From 10:28 PDT to 10:40 PDT on April 29, 2020, the API that powers coinbase.com and our mobile applications became unavailable for our customers globally. This was followed by 30 minutes of stability, and then a period of instability from 11:12 PDT to 12:11 PDT, during which we sustained 20 minutes of full unavailability and 40 minutes of degraded performance with elevated error rates. At 12:11 PDT, full service was restored and all systems began operating normally.
This issue affected customers’ ability to access Coinbase and Coinbase Pro UIs, and did not impact trading via our exchange APIs or the health of the underlying markets. It was caused and perpetuated by two separate, but related, root causes.
The initial incident was triggered at 17:28 PDT by an increase in the rate of connections to one of our primary databases. This connection rate increase was the result of a deploy creating new connections while our systems were scaled to respond to elevated traffic at the time. When this spike in connections occurred, the host operating system for the database began rejecting new TCP connections to the host, which triggered degraded operations and restarts in the routing layer for the database. When this occurred, our monitoring began reporting an elevated error rate across all API requests that touched the impacted database.
In response to the failures in the routing layer and the corresponding operational failures, our systems attempted to reconnect in order to retry these operations. Unfortunately, due to improper closed connection handling and lack of support for timing jitter in new connection creation, our systems “connection stormed” the database. This connection storm triggered the same failure we saw on other members of the routing layer, preventing new connections to be established. While the initial database was able to recover at 10:40 PDT, this same failure mode occurred with three other, separate database instances, creating the second period of unavailability from 11:12 PDT to 12:11 PDT.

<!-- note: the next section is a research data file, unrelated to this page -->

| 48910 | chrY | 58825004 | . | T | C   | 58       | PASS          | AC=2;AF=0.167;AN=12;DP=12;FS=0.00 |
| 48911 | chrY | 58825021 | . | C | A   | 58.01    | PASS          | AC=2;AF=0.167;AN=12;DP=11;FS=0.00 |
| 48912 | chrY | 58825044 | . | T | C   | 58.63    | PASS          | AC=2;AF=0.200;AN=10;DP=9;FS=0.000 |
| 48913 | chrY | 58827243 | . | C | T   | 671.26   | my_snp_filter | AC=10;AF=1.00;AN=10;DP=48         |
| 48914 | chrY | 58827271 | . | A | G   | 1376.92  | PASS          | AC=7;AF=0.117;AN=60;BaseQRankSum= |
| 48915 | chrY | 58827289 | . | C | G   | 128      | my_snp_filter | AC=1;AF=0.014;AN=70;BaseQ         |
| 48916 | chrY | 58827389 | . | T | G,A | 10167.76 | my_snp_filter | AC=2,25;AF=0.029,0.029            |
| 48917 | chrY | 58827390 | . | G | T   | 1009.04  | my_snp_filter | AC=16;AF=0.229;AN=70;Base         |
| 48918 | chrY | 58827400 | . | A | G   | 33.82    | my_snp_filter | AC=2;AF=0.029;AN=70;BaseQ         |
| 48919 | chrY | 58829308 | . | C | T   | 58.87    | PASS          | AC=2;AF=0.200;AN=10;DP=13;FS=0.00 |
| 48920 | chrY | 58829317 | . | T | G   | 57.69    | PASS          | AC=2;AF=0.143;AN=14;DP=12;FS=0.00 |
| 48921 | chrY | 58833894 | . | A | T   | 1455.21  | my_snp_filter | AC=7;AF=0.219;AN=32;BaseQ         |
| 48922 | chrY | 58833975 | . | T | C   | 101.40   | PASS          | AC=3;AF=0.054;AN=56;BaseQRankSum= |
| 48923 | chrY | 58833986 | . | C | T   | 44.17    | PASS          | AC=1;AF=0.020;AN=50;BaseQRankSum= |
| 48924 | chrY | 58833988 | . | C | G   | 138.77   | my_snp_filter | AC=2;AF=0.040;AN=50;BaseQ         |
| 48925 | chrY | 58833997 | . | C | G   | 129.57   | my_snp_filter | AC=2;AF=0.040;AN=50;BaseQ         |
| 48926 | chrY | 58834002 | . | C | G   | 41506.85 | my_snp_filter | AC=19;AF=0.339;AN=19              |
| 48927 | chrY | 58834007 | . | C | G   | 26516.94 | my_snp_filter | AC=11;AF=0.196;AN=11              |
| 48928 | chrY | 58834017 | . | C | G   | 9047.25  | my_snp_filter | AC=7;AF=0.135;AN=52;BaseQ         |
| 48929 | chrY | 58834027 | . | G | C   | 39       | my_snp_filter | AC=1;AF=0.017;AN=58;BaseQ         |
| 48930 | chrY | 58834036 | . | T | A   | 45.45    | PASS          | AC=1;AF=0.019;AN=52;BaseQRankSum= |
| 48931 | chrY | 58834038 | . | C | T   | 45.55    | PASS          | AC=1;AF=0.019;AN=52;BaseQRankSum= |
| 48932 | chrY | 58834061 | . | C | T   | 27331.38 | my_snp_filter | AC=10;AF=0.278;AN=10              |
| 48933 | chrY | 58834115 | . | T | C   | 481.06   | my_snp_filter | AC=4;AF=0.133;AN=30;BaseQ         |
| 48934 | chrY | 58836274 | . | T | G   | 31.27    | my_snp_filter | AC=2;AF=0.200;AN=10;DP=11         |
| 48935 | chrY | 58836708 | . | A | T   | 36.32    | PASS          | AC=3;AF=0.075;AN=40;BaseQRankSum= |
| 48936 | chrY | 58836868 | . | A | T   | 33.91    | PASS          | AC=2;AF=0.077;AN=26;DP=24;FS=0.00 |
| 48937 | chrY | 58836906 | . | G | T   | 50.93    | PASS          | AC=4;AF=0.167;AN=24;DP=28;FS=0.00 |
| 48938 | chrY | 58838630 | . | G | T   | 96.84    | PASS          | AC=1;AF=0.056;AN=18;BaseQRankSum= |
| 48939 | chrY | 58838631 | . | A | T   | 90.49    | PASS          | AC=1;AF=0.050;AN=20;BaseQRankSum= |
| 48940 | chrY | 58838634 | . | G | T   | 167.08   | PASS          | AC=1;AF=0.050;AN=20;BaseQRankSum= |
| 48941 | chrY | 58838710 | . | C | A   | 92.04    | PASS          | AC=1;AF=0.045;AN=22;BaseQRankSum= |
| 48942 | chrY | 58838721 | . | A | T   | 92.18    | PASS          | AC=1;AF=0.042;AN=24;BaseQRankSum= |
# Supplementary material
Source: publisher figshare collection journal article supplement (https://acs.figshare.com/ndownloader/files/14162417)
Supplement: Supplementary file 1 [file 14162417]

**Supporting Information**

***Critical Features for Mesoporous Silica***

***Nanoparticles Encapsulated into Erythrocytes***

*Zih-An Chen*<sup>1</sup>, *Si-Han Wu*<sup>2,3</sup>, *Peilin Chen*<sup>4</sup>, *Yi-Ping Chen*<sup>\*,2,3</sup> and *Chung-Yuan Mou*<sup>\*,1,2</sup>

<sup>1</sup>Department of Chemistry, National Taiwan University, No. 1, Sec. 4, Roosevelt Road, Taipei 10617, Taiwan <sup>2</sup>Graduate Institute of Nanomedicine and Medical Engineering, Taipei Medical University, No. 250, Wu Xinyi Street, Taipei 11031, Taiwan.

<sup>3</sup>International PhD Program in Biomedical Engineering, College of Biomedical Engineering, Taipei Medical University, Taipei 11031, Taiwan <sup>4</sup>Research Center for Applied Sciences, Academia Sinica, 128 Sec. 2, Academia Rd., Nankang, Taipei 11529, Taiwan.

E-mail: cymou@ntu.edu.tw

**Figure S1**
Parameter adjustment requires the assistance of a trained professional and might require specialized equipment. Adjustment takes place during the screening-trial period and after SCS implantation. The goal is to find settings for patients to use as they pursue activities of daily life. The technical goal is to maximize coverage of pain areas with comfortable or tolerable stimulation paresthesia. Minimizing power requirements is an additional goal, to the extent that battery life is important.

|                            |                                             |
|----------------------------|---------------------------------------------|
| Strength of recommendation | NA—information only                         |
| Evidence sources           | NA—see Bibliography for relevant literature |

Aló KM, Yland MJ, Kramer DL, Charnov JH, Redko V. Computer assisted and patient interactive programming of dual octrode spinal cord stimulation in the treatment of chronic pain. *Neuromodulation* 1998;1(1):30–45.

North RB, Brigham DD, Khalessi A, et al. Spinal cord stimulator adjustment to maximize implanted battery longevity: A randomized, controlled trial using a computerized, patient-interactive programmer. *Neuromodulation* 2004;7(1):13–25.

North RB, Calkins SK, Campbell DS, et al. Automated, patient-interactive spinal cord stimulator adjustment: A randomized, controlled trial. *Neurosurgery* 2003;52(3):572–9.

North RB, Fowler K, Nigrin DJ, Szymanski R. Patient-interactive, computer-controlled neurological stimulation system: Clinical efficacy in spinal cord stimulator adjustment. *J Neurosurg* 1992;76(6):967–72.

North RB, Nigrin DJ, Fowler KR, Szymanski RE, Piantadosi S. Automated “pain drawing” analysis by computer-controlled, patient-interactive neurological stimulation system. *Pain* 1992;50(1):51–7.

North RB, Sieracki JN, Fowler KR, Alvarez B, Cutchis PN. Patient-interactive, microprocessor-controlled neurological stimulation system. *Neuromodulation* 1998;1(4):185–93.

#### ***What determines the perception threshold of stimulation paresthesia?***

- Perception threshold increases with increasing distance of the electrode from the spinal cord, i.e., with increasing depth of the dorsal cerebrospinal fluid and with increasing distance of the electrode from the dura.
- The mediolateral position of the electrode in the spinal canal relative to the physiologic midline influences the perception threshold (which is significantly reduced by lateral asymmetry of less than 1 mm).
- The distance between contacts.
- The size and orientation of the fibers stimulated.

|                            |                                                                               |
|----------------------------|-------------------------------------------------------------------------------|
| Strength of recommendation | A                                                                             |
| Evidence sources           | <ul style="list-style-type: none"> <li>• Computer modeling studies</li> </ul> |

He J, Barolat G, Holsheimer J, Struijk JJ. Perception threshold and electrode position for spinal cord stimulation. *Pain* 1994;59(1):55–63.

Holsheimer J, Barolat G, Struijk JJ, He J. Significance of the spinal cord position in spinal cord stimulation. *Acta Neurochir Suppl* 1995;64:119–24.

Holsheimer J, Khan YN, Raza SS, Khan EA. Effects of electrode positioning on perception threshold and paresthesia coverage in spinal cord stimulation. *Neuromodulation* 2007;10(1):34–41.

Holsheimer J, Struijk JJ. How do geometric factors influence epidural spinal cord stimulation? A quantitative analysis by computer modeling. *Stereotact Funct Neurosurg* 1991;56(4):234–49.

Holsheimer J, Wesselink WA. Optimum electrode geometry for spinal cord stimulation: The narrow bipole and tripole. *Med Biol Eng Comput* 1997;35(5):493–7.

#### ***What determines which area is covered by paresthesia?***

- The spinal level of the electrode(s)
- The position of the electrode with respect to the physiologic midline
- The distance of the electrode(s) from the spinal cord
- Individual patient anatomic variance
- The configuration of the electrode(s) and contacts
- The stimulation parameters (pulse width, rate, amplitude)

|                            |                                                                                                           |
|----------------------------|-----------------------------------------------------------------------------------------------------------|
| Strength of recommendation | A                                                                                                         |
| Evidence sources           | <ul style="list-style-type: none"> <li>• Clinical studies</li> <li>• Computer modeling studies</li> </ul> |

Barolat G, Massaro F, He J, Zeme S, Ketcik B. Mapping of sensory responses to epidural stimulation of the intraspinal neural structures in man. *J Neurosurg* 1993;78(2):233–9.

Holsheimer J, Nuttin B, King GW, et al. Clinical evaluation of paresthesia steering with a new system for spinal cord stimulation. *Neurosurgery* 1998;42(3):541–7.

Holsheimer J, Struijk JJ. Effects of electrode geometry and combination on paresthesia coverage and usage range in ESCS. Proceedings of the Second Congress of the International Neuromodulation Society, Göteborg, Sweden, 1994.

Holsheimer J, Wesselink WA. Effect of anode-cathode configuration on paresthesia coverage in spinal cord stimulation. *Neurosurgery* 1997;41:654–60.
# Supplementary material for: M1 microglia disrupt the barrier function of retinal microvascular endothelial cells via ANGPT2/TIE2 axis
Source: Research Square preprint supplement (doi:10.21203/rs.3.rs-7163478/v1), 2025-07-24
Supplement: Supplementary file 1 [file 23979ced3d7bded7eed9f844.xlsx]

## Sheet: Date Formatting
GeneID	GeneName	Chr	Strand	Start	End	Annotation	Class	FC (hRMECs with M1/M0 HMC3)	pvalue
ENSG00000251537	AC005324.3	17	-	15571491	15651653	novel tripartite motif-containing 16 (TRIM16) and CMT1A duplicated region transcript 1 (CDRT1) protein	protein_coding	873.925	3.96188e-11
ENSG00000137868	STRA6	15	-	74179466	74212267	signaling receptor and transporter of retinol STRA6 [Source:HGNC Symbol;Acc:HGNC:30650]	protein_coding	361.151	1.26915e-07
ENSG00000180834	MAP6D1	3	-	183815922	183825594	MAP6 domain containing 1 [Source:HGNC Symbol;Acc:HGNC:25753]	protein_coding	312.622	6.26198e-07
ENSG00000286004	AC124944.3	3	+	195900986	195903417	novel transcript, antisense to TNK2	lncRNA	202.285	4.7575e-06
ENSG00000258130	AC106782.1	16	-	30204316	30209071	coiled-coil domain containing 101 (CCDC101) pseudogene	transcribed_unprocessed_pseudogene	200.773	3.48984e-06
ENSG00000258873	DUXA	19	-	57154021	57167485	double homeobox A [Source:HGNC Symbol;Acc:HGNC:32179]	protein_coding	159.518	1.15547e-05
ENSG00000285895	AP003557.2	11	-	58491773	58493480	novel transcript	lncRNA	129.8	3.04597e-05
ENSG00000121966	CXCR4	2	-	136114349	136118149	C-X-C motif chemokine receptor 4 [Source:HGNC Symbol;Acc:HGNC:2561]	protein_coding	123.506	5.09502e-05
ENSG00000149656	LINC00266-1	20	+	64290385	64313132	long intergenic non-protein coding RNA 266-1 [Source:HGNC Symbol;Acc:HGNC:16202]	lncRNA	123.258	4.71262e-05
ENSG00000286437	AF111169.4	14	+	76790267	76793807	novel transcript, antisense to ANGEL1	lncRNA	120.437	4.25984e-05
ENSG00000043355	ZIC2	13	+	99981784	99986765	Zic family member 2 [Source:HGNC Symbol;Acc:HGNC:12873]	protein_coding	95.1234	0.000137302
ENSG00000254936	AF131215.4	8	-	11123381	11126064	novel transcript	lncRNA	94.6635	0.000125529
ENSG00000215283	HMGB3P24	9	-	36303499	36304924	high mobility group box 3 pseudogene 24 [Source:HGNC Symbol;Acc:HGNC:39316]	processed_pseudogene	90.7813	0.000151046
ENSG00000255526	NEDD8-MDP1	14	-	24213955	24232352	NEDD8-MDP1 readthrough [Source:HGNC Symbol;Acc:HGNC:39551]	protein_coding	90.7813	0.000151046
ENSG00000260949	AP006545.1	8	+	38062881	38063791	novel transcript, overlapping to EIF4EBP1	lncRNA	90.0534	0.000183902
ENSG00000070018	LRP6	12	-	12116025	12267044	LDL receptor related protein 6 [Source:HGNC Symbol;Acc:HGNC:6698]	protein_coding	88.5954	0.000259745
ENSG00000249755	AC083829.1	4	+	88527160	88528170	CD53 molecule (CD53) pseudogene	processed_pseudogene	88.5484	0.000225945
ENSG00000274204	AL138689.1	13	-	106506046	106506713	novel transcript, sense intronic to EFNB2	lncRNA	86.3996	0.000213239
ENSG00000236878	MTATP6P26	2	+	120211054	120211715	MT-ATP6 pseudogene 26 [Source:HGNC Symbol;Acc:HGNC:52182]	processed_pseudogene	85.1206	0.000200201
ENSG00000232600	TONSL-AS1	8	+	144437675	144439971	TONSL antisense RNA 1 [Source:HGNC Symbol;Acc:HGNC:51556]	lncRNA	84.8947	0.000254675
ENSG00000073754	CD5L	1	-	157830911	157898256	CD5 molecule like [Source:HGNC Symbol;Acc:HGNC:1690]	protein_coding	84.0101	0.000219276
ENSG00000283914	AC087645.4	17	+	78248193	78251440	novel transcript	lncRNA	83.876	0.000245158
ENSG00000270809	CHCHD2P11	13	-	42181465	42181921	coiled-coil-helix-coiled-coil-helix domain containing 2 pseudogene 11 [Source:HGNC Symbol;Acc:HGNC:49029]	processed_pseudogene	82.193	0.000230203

In response to this failure, we’re rolling out a number of changes. First, we’re changing our database deployment topology to reduce our overall connection count, limit connection spikes, and separate the routing and daemon processes of the database to limit competition for host resources. Second, we’re resolving the issue with the driver closed connection logic and implementing better jitter to prevent connection storming when this failure mode occurs. Finally, we’re rolling out safeguards that will allow us to contain the impact of future database failures to as small a subset of requests as possible.